3. We need to test more types of nanomaterials and look at the whole range of nanoparticles that the nanotechnology industries are using. One example of the new nanomaterials is the nanotubes, because they might behave like fibres. These nanotubes may behave like asbestos because they are long and thin. The nanotubes are cleaned in acid which means that the lungs will not manage to dissolve the nanotubes.

4. There is apparently a need to change the testing protocols. More fundamental and pragmatic testing is needed.

5. We must think surface chemistry of nanoparticles. We need more epidemiological studies on humans, where the effects of nanoparticles are separated out from the effects of other particles.

6. We have to look more at the mechanisms of cell activation and move away from only acute toxicity models, which have abnormally high levels of exposure that may not be relevant.

7. A moratorium should be posed on nanotechnology until more scientific evidence is established, proving that the technology and its applications are not only safe to the environment or human health, but also that the social implications are understood.


The bottom line is not whether nanoparticles are hazardous or represent risks to human health or environment. The bottom line is whether the applications of nanoparticles can substitute applications that are more hazardous and represent a larger risk to human health or environment. If the benefits prove to be as true as the most enthusiastic supporters of nanotechnology believe, the risks may prove to be acceptable. Until that day comes, reducing the uncertainties and the risks should be the main focus. That would, according to the precautionary principle, mean to handle nanoparticles as in a worstcase scenario and take adequate precautionary measures to cope with the worst-case, because it is better to be safe than sorry for all parties involved.


Select your language of interest to view the total content in your interested language
Post your comment

Share This Article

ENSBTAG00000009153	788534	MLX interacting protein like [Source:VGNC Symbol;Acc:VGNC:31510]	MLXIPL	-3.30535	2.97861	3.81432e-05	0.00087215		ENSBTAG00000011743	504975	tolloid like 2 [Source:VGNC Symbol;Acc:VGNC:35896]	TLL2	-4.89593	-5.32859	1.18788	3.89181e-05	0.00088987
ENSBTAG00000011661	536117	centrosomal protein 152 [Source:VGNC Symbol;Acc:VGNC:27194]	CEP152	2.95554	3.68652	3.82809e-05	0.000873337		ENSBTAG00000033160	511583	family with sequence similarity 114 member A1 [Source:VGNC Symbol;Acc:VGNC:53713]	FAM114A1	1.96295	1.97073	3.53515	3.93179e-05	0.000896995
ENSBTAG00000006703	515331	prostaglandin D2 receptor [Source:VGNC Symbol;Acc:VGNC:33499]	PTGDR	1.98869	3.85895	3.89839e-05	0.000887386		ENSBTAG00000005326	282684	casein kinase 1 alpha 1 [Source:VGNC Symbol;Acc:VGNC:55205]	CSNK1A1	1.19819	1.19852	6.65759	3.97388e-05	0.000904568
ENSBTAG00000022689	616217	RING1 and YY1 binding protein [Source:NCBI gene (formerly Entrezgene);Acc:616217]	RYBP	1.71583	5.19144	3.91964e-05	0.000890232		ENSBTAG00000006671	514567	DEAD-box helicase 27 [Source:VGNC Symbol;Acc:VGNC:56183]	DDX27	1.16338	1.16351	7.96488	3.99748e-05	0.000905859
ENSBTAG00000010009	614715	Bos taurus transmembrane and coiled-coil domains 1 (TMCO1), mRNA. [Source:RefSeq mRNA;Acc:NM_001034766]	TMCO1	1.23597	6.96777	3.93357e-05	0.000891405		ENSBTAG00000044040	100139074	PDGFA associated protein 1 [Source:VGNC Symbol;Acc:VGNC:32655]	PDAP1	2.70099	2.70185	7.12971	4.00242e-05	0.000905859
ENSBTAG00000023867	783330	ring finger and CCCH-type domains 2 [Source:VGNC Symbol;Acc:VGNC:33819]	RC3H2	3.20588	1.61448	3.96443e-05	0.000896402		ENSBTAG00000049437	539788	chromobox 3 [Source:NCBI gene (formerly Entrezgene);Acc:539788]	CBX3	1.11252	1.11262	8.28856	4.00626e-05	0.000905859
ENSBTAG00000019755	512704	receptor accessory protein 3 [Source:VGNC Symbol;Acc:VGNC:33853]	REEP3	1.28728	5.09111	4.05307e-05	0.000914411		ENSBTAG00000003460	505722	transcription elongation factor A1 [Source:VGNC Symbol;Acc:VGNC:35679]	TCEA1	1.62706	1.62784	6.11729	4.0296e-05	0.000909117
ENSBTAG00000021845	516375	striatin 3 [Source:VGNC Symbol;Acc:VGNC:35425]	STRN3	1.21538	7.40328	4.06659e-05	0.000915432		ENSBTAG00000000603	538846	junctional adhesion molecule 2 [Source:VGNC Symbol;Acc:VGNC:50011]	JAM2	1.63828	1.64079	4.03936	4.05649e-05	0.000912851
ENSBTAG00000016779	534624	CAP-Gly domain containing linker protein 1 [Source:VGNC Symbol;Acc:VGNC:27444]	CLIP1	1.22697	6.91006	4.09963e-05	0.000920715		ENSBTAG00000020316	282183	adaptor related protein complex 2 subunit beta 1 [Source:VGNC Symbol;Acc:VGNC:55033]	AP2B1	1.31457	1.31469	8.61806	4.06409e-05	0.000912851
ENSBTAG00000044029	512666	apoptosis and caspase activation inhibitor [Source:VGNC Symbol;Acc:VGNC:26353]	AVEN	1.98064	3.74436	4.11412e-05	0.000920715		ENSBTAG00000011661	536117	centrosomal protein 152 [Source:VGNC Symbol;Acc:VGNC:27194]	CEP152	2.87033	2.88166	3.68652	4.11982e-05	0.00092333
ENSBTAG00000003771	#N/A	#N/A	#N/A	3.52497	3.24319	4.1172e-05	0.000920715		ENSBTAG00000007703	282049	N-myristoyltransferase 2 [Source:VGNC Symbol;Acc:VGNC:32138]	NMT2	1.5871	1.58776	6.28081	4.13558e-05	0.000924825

Recommended Conferences

  • 2nd World Congress on Nano Science and Nano Technology
    August 10-11, 2018 Osaka, Japan
  • 25th Nano Congress for Future Advancements
    August 16-18, 2018 Dublin, Ireland
  • 20th Asia Pacific Nanotechnology Congress
    July 23-24, 2018 Sydney, Australia
  • 26th International Conference on Advanced Nanotechnology
    October 04-05 2018 Moscow, Russia
  • Nanotechnology & Materials Engineering
    Oct 25-26, 2018 Budapest, Hungary

Article Usage

  • Total views: 12167
  • [From(publication date):
    July-2012 - Jul 17, 2018]
  • Breakdown by view type
  • HTML page views : 8366
  • PDF downloads : 3801

Post your comment

captcha   Reload  Can't read the image? click here to refresh

Peer Reviewed Journals
Make the best use of Scientific Research and information from our 700 + peer reviewed, Open Access Journals
International Conferences 2018-19
Meet Inspiring Speakers and Experts at our 3000+ Global Annual Meetings

Contact Us

Agri & Aquaculture Journals

Dr. Krish

[email protected]

+1-702-714-7001Extn: 9040

Biochemistry Journals

Datta A

[email protected]

1-702-714-7001Extn: 9037

Business & Management Journals


[email protected]

1-702-714-7001Extn: 9042

Chemistry Journals

Gabriel Shaw

[email protected]

1-702-714-7001Extn: 9040

Clinical Journals

Datta A

[email protected]

1-702-714-7001Extn: 9037

Engineering Journals

James Franklin

[email protected]

1-702-714-7001Extn: 9042

Food & Nutrition Journals

Katie Wilson

[email protected]

1-702-714-7001Extn: 9042

General Science

Andrea Jason

[email protected]

1-702-714-7001Extn: 9043

Genetics & Molecular Biology Journals

Anna Melissa

[email protected]

1-702-714-7001Extn: 9006

Immunology & Microbiology Journals

David Gorantl

[email protected]

1-702-714-7001Extn: 9014

Materials Science Journals

Rachle Green

[email protected]

1-702-714-7001Extn: 9039

Nursing & Health Care Journals

Stephanie Skinner

[email protected]

1-702-714-7001Extn: 9039

Medical Journals

Nimmi Anna

[email protected]

1-702-714-7001Extn: 9038

Neuroscience & Psychology Journals

Nathan T

[email protected]

1-702-714-7001Extn: 9041

Pharmaceutical Sciences Journals

Ann Jose

[email protected]

1-702-714-7001Extn: 9007

Social & Political Science Journals

Steve Harry

[email protected]

1-702-714-7001Extn: 9042

© 2008- 2018 OMICS International - Open Access Publisher. Best viewed in Mozilla Firefox | Google Chrome | Above IE 7.0 version
Leave Your Message 24x7